The bloodiest barrage in days sent shells crashing into the U.S. Embassy grounds and a school packed with refugees in the rebel-besieged capital Friday — leaving people wondering why a long-awaited U.S. peace deployment was coming only after so high a toll.

President Bush's order of ships and troops to Liberia's (search) coast was broadcast over the radio here as refugee families gathered broken bodies of men, women and children. All were victims of a daybreak mortar attack that killed at least 26 and wounded more than 200.

"Why so late, when people are dying?" Momo Barley asked in the streets around the U.S. Embassy, the densely populated, rocky hilltop neighborhood overlooking the Atlantic that took the brunt of Friday's 10-minute pounding by up to 20 mortar rounds.

"This is another promise again," refugee Sylvester Blamo, 30, said in the same neighborhood, as aid workers tended to lumpily filled body bags.

Monrovia's residents have prayed, even pleaded, for U.S. deployment in the American-founded nation over two months as rebels pressed home their 3-year war to drive out Liberia's warlord-turned-president, Charles Taylor (search).

A few weeks ago, even false rumors of U.S. Marines landing were enough to set off joyous celebrations, with dancing and singing in the streets.

There was no such immediate outbreak of joy in the numbed city Friday. Three waves of attacks have killed hundreds in the capital. About 1.3 million residents hang on, gripped by hunger, thirst, epidemics and fear.

"I want to tell George Bush to do something hurriedly, very fast and quickly," Emmanuel Sieh, 28, cried earlier Friday, as crowds spilled out into the streets following a fierce barrage.

Both sides in Liberia's war have accused the other of shelling the densely populated capital, and it was not clear who was behind Friday's barrage, which continued off and on throughout the day.

Rebel leaders welcomed word of the American deployment, ordering their forces to cooperate with any Americans and to cease-fire. The rebels have repeatedly broken promises for a cease-fire, as have government forces.

"I think that's what all Liberians want to hear. We applaud that," rebel official Charles Benney said of the announced American deployment.

One shell Friday struck inside the U.S. Embassy compound, exploding harmlessly on rocky ground, a U.S. official inside said.

Other rounds wrought carnage among refugees, who have crowded around the embassy by the thousands in hope of protection through proximity to the Americans.

At the beginning of the attack, a shell slammed into a yard where two boys stood brushing their teeth, killing both. Blocks away, another shell crashed into the yard of a school where hundreds of people have taken refuge.

The round killed seven refugees outright; an eighth was reported dead at an international aid group's tent clinic.

At the school, wailing crowds surrounded the dead. Victims' flip-flops lay discarded, soaking in pools of blood. One body, that of a boy in his early teens, lay curled in a corner.

Cradling a 2-week-old baby, a woman sobbed uncontrollably next to a body bag holding the corpse of her sister, the child's mother.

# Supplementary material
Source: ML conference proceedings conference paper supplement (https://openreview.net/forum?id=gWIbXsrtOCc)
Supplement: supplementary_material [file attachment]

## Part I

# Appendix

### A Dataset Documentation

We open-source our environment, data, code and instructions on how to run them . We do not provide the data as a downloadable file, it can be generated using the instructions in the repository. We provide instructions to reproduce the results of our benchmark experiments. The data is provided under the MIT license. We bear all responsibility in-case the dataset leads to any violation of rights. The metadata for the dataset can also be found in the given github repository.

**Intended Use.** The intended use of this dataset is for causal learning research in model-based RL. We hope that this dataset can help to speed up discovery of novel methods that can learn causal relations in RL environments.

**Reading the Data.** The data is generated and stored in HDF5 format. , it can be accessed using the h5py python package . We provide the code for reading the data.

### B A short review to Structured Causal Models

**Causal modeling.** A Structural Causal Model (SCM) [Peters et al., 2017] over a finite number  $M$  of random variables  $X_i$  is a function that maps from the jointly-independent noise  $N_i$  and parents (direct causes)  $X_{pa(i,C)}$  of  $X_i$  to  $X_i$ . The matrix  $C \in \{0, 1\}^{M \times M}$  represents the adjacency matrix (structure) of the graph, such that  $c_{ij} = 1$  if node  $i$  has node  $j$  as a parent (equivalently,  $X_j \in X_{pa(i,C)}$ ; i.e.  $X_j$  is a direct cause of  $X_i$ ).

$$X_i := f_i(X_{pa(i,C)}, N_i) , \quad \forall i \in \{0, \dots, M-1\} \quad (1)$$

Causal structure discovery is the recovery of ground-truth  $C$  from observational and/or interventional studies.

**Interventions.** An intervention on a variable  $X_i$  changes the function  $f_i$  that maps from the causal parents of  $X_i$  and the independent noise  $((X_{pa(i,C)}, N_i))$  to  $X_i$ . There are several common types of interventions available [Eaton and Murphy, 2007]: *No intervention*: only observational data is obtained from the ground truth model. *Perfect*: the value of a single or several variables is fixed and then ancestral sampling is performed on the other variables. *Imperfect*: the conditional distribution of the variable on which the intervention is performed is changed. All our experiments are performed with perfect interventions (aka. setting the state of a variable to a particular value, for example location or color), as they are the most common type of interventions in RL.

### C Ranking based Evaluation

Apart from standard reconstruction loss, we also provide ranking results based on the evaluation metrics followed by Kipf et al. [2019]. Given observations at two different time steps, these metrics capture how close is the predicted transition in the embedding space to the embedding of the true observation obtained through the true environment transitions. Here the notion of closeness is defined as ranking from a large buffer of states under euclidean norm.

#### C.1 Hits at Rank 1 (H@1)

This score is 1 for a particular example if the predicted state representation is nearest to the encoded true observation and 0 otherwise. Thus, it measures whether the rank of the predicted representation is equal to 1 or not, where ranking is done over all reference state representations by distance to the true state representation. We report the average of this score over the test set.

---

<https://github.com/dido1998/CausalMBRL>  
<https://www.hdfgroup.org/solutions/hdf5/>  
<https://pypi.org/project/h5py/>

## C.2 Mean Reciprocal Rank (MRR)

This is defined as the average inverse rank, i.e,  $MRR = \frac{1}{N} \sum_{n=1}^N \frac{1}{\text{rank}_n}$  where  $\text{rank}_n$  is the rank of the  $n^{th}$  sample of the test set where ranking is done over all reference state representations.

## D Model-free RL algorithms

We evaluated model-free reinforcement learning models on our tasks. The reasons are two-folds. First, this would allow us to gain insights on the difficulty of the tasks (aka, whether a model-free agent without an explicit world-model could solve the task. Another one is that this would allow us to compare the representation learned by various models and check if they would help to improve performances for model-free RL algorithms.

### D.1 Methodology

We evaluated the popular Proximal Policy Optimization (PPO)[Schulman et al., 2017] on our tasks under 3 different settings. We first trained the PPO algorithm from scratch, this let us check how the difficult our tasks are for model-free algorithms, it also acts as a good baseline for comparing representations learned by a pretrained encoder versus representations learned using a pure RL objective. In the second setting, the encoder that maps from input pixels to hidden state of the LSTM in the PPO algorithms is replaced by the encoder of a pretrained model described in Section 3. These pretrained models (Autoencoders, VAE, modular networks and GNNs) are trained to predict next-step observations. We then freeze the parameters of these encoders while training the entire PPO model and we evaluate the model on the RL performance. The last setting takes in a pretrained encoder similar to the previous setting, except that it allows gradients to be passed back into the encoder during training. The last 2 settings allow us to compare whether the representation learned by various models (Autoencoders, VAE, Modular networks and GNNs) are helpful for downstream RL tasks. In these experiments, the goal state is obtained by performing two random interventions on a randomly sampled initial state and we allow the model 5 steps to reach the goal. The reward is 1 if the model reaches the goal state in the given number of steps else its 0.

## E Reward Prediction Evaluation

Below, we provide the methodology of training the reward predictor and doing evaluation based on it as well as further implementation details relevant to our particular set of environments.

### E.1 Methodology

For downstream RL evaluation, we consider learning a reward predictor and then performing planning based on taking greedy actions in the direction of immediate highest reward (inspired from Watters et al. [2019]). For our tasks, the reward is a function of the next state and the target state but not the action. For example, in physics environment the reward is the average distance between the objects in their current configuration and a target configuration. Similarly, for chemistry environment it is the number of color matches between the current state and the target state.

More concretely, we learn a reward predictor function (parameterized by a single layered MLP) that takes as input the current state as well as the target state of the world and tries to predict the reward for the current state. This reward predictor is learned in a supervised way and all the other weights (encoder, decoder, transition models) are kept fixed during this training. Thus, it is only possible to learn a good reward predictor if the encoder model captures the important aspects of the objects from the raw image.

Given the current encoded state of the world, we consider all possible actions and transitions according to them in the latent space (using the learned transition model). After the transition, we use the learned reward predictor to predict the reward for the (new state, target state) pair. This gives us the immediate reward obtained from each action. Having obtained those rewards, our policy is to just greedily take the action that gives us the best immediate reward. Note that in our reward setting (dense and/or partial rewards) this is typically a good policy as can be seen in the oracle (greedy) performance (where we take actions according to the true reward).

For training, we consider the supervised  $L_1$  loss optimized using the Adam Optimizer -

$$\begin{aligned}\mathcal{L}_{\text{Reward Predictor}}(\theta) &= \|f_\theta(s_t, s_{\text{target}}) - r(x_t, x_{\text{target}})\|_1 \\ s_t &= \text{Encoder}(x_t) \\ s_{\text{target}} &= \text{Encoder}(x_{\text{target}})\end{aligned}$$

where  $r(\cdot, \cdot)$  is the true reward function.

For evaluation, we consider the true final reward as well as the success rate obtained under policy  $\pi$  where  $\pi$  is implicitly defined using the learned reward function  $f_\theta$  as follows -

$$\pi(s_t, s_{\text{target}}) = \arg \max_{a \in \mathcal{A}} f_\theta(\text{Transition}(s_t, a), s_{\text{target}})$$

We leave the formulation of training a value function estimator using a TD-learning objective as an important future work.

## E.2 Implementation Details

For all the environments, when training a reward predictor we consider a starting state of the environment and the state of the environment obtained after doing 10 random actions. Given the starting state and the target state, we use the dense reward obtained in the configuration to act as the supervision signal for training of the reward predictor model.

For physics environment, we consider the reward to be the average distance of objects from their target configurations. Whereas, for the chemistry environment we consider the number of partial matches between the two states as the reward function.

"What do they want to achieve?" Peter Garwah, 27, cried out, before a new mortar round sent terrified survivors scrambling for cover under schoolhouse tables or pressing, screaming, against classroom walls.

"Innocent people are dying, not soldiers."

Later Thursday, Associated Press reporters counted 14 more bodies about Monrovia (search), including some in the streets. The casualty toll, reported by aid clinics, Monrovia's overwhelmed main hospital and victims' relatives, was likely to climb.

An ambulance brought gravely wounded people to the open-air tent hospital run by Medecins Sans Frontieres, also known as Doctors Without Borders.

Workers ferried in the wounded — a man with a mangled leg; a woman with her intestines spilling out.

Taylor, blamed for 14 years of near perpetual conflict in Liberia, has retreated to his mansion by the sea, his forces battling to block insurgents from crossing bridges into downtown.

Taylor's government's welcome of Bush's announcement was gurdging — and expressed annoyance at Bush's past demands that Taylor step down as part of any peace effort.

"We have always recognized that the United States is the superpower of the world and their presence in the international peacekeeping force in Liberia might make things easier to disarm the rebels," said Vaanii Paasawe, Taylor's spokesman.

"We are only surprised that as a democracy itself, the United States could play the role it has in Liberia," Paasawe said.

West African leaders have promised a multinational force for Liberia since soon after rebels opened offensives in June on the city of 1 million, now crowded with hundreds of thousands of refugees.

Taylor, sought by a U.N.-backed court for alleged war crimes in neighboring Sierra Leone (search), has promised to step down when foreign peacekeepers arrive. But he has repeatedly hedged on promises since June to cede power.

In Sierra Leone, a lawyer for Taylor filed a motion Wednesday challenging the jurisdiction of the court.